Stupak's Vegas World also advertised, said the board, "that its patrons will receive
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one of five free gifts valued between $189 and $1500, which is chosen at random by their computer. In the vast majority of cases, the free gift received by patrons was either a diamond ring that could be purchased for far less than the retail value stated by Vegas World, or a '6 day, 5 night Hawaiian vacation' that requires that you purchase a maximum price airline ticet through a designated travel agency so that the overall price of the vacation is nearly as much as it would be without the 'free gift.'"
Finally, the Gaming Control Board said, Vegas World had illegally modified the slot machines used "for its various promotions so that they have a theoretical hold that far exceeds the industry average." Under Nevada gaming law, any significant modification of gaming devices must be approved by the control board, and these changes, said the board, had not been.
The board recommended that Vegas World be fined $300,000 and that the company's "license be revoked, suspended, conditioned, or limited."
The next February, Bob Stupak entered into a stipulation with the board that settled the complaint. The terms of the settlement were that Stupak would pay a $125,000 fine and that his gaming license would thereafter be conditioned as follows:
"The licensee shall, subject to the administrative approval of the Chairman of the State Gaming Control Board or his designee, establish and thereafter at all times maintain a customer complaint resolution committee."
That committee, while to be chaired by Stupak, was to "have at least two other members who possess the unconditional authority to resolve complaints and issue refunds [italics added]."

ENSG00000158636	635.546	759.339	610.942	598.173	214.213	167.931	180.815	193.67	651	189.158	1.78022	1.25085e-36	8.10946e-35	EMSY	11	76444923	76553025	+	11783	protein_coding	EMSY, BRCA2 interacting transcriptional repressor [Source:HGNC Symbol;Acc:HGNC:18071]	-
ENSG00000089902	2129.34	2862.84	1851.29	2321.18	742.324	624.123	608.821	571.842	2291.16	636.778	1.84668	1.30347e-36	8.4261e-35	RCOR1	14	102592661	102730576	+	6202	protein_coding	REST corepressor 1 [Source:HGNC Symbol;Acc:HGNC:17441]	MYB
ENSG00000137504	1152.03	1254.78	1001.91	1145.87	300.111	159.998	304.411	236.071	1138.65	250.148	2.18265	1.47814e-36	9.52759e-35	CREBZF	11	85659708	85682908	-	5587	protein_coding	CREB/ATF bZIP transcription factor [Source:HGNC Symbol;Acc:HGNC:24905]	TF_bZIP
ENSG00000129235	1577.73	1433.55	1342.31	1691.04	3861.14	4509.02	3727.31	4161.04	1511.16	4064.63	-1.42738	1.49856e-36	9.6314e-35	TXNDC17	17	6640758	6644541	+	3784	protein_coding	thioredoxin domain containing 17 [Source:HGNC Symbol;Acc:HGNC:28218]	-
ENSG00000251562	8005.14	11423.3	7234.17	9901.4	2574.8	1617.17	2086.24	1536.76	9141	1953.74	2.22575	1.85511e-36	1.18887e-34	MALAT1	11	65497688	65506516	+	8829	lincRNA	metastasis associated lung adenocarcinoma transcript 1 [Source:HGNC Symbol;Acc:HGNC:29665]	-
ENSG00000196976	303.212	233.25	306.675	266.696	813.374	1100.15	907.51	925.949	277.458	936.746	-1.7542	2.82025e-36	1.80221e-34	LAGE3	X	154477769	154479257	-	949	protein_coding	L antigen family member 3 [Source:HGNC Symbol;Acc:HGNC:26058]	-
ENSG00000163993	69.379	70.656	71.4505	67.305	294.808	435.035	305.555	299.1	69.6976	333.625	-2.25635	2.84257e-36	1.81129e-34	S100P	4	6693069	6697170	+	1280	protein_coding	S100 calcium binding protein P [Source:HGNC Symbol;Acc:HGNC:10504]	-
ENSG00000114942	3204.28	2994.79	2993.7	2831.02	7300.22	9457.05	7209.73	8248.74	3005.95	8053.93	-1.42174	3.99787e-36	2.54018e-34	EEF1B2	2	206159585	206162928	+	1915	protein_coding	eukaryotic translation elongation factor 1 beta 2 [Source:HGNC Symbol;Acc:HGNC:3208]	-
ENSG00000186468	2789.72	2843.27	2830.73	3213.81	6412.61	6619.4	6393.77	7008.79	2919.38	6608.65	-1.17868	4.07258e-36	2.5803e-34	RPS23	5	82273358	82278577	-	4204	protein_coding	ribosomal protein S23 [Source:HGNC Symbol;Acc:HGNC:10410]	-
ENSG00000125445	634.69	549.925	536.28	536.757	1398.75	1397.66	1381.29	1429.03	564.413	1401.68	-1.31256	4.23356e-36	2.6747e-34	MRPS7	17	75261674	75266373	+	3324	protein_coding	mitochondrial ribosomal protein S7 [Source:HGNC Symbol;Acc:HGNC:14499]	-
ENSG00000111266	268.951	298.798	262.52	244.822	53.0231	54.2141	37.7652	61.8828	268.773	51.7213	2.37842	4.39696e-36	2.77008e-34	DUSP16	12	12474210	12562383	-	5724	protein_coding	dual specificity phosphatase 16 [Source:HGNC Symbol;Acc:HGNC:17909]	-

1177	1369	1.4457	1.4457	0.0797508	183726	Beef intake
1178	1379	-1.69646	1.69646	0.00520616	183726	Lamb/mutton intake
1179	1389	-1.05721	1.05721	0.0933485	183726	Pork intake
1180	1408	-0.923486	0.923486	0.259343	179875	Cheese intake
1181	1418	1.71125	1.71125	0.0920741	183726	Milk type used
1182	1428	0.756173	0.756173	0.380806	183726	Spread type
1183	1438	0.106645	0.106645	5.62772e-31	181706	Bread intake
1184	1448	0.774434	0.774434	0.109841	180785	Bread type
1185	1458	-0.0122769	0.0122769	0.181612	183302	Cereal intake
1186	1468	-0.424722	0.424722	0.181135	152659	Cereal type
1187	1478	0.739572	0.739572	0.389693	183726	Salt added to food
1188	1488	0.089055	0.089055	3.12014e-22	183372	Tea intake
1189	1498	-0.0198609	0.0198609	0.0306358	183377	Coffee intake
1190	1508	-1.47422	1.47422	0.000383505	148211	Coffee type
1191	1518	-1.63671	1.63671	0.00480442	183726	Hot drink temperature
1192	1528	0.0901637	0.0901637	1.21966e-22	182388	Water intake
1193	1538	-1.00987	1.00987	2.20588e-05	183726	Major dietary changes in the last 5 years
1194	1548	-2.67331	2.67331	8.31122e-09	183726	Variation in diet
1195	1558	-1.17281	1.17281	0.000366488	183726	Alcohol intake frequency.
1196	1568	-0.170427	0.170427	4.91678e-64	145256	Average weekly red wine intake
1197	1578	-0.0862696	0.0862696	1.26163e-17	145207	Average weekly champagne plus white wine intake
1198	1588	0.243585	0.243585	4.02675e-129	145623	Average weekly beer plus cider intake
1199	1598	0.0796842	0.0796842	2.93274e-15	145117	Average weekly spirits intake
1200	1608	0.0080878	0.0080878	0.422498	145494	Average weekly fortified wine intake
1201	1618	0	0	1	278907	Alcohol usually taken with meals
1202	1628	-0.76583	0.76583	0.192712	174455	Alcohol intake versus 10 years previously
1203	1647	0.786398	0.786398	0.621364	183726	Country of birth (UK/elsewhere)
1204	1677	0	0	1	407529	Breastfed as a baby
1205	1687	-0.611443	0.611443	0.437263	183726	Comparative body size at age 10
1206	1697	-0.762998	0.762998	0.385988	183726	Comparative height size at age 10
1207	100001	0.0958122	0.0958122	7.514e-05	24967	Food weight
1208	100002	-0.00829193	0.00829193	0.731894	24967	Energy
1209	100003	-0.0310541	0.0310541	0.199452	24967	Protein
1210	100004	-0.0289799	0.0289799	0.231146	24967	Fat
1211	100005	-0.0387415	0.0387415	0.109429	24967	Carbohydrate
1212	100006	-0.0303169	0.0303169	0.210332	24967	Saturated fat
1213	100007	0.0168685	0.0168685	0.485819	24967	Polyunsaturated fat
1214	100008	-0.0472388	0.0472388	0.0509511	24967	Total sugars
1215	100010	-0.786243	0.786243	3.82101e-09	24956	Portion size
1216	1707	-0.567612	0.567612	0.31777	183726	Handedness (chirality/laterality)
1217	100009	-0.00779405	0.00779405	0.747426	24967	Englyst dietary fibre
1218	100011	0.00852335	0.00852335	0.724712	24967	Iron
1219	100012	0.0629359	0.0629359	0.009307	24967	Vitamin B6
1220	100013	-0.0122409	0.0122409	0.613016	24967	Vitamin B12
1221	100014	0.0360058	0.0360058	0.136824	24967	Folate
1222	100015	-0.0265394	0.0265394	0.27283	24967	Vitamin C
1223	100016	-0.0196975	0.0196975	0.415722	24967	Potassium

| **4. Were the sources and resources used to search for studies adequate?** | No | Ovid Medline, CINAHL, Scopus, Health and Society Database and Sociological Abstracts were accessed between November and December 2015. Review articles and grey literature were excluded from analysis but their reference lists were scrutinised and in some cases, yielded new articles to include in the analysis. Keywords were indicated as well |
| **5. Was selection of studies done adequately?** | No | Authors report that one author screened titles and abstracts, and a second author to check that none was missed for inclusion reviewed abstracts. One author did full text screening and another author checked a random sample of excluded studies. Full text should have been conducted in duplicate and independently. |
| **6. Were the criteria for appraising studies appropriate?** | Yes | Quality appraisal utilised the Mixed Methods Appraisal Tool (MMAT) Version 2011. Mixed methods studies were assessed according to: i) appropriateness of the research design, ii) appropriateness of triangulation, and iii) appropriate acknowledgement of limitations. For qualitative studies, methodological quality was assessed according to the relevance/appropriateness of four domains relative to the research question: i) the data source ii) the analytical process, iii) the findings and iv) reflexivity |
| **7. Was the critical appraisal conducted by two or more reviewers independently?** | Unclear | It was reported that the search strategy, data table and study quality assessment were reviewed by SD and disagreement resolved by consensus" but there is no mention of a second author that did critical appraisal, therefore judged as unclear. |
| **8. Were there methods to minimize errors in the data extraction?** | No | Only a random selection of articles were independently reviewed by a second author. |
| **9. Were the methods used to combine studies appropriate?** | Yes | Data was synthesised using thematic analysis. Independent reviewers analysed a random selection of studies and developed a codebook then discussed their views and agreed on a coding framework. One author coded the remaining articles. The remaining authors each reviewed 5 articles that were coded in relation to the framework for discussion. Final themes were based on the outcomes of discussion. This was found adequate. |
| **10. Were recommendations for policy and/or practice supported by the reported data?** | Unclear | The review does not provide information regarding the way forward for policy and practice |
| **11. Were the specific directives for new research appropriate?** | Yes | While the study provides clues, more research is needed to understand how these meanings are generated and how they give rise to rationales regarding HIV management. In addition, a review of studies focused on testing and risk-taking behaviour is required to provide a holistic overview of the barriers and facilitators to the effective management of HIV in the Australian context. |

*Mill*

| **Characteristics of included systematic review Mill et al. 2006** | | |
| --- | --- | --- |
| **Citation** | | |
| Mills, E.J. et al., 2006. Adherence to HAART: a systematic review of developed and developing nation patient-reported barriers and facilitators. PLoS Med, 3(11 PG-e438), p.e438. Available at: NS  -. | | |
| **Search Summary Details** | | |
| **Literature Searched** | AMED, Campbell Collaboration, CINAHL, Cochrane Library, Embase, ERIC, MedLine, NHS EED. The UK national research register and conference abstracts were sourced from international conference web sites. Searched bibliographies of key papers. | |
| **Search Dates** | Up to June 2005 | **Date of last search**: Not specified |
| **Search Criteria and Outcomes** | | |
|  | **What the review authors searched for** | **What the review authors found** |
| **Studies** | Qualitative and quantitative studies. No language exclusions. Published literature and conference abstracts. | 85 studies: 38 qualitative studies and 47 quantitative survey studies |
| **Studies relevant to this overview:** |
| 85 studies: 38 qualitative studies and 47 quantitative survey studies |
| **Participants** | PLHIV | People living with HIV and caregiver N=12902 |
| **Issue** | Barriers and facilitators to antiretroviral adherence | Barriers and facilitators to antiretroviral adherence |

The purpose of the committee, said the agreement, was "to review and resolve complaints from both individuals and governmental agencies relating to [Stupak's] vacation club packages."
How much did this settlement cost Bob Stupak? After he sold his Vegas World hotel-casino to the newly forming Stratosphere Corporation, Stratosphere went public in 1995.
According to the Intial Public Offering for the Stratosphere Corporation, "The liabilities retained by Mr. Stupak in connection with [Stratosphere's] purchase of the Vegas World Assets were principally comprised of accounts payable and accrued expenses and obligations for presold vacation packages consisting of goods and services (cash, casino chips and slot tokens, hotel room nights, beverages at casino bars, show tickets, admissions to the Tower upon opening and certain other goods and services).
"As of January 31, 1995, Mr. Stupak's obligations for presold vacation packages was approximately $25.6 million. The Nevada Gaming Authorities have required that an independent public accounting firm perform certain agreed upon procedures with respect to the amount of such obligations."
Sources within the Gaming Control Board tell Electric Nevada that Stupak's obligations for the vacation packages now have been reduced to about $17 million.